On college campuses where significant numbers of Muslims and Jews study, it may not be surprising to find that they have negative perceptions of one another. To characterize the overall dynamic between these two groups as tense is generally not accurate–there have been a number of service-based/interfaith dialogue initiatives between them–but the reality is that many students from both groups have been raised in environments that instil deep distrust for one another, sometimes bordering on hatred. And this is despite the fact that Muslims and Jews have shared more common experiences with each other living in a Christian-dominant US than with any other group.
Yes, many observant Muslims and Jews avoid eating pork products, and thus eat both halal and kosher food products, but the similarities run much deeper than what’s seen on the surface. Both Muslims and Jews have been living in the US as small minorities for centuries. The first Muslim came to what is now the US in the mid-16th century, and the first Jews arrived about a century later.
African slaves accounted for the first waves of Muslims living in the present-day US and the vast majority of Muslims were descendents of those slaves until significant numbers of South Asian and Arab Muslims began arriving in the mid-1960s. The first major immigration of Jews to North America occurred during the late 19th and early 20th centuries, however the first Synagogue was built in 1763 in Newport, Rhode Island. Conversely, the first mosque in the US was built much later, constructed by Albanian Muslims in Biddeford, Maine, in 1915, since slave owners prohibited the use of Arabic and practice of Islam throughout the slave trade.
Today, there are approximately 3 million Muslims and 5 million Jews living in the US and both Muslims and Jews continue to face significant discrimination. Hannah Rosenthal, President Obama’s Special Envoy to Monitor and Combat Anti-Semitism, recently cited a study indicating that “Muslims and Jews are more likely than adherents of any other tradition in the US to conceal their religious identity.”
Muslims and Jews still aren’t considered true “Americans” by mainstream society, despite the fact they are the two most successful religious groups in the country in terms of education and wealth. According to Gallup, the two most highly educated religious groups are Jews and Muslims, among whom 61% and 40% respectively have a college degree, compared with 29% of Americans overall. These facts carry across gender lines as well, with Muslim females being the second-most educated religious group in the country, after Jewish females. Both groups also have household incomes above the American average.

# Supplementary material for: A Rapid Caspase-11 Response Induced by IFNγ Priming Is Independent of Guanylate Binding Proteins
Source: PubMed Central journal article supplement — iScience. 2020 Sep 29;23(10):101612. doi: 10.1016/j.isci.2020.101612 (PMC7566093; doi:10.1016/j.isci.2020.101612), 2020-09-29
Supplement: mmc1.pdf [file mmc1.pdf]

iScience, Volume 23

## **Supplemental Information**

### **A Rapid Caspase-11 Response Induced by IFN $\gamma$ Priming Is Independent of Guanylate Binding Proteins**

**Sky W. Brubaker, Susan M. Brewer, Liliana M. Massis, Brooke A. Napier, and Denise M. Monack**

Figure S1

Both Muslims and Jews in the US come from diverse geographic and cultural backgrounds. Another Gallup study concluded American Muslims to be the most diverse group, and a Pew Research Center project found that 63% of American Muslims are first-generation immigrants. While the majority of American Jews live in the New York metropolitan area, nationwide they represent a broad cross-section of identities: Ashkenazi and Sephardic (geo-cultural identifications), Orthodox and Reformist (religious distinctions), and a noticeable minority of Jews who identify with little of the cultural and religious background of their ancestors. And not all American Jews live in the Northeastern corridor. For example, there is a sizable group of Persian Jews who live in Southern California.
Diversity, higher education, and financial success are a few of the most valued aspects of being American, but for some, being Muslim or Jewish excludes one from becoming “genuinely American.” It’s a shame that the purveyors of misinformation and rhetoric largely generated by the Arab-Israeli conflict have divided these two natural allies, preventing them from more forcefully combating hate and division together. But there are signs of hope and progress: government programs and non-profit initiatives are beginning to engage on these issues. Americans of all stripes seem to be slowly recognizing the foundational values of our society, regardless of race or cultural background. Most importantly, passionate Muslims and Jews are building strong bonds to unite in solidarity, and thus demonstrating what it is be that much more American, together.
If you are Muslim or Jewish, do you relate to the discrimination that the other group has faced? Do you find yourself sharing more common experiences with each other than with other groups? If you are neither Muslim nor Jewish, how do you feel about the characterizations of shared experience between American Muslims and Jews?